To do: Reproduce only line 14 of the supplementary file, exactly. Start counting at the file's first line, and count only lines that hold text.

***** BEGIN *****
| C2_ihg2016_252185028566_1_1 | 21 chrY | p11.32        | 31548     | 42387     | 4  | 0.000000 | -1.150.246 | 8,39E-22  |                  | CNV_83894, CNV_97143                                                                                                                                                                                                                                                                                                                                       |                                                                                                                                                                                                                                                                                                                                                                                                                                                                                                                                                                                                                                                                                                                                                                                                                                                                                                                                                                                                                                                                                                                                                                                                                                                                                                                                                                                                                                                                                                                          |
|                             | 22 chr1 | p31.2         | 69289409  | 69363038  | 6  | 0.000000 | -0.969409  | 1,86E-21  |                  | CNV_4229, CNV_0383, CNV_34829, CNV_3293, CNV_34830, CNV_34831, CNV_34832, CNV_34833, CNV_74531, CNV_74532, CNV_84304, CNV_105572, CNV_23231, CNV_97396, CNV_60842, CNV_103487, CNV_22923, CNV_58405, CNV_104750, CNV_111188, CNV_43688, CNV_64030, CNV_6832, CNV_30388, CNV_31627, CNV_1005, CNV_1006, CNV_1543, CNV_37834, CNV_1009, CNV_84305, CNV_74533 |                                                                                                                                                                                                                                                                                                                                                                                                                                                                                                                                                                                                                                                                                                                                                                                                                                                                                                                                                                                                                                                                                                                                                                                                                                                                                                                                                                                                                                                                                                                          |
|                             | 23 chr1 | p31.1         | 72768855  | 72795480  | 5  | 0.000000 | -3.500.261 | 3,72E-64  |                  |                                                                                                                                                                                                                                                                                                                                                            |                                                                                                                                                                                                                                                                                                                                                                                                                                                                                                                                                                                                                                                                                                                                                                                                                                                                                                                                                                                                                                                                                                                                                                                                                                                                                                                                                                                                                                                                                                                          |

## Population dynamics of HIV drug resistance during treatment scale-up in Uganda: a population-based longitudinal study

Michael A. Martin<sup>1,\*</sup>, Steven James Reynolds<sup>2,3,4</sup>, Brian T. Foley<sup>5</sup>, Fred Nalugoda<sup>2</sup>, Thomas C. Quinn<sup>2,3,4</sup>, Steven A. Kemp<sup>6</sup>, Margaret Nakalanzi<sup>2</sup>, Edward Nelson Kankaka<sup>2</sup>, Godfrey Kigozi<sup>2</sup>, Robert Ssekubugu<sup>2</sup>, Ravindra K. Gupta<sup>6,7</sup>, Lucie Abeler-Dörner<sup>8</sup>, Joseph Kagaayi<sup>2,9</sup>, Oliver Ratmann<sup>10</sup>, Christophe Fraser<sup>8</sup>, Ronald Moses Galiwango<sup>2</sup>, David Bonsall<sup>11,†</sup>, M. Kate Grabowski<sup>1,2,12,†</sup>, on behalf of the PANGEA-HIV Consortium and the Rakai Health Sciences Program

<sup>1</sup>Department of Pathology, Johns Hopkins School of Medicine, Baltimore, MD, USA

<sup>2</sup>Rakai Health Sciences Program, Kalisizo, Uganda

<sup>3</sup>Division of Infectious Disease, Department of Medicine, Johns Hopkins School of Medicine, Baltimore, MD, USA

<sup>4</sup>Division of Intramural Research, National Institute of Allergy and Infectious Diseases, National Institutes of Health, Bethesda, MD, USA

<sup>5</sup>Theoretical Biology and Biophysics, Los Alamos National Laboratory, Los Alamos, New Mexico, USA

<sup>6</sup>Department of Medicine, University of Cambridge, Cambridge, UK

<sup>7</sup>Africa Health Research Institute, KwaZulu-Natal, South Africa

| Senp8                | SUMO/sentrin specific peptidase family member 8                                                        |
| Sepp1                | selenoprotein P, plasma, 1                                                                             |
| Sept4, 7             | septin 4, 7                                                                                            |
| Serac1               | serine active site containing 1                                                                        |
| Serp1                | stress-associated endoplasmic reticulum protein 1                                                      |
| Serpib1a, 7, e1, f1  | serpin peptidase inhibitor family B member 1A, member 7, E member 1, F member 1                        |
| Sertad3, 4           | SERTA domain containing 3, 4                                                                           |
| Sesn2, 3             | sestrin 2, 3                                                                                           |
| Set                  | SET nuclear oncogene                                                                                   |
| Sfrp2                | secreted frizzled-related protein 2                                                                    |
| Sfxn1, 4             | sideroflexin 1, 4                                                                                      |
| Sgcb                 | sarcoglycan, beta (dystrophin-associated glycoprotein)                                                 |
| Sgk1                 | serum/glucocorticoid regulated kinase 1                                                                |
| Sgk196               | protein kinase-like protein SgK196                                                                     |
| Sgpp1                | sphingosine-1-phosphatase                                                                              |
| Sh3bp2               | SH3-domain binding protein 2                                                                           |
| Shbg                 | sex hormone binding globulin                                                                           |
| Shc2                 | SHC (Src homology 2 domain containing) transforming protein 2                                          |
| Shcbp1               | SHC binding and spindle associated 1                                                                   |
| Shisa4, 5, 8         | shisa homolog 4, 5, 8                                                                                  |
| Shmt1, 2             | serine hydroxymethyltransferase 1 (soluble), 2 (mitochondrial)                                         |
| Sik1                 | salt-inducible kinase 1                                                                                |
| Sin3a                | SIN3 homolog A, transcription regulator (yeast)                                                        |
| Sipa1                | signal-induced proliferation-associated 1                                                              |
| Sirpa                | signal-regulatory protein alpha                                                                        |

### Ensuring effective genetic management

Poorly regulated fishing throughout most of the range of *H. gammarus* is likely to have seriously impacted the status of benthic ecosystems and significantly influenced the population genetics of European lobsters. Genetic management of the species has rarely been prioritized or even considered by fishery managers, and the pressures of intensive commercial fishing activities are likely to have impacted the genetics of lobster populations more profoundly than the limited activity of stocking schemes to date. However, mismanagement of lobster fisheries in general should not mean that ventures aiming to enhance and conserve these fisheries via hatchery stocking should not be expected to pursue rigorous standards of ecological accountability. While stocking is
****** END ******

| Sepp1                | selenoprotein P, plasma, 1                                                                             |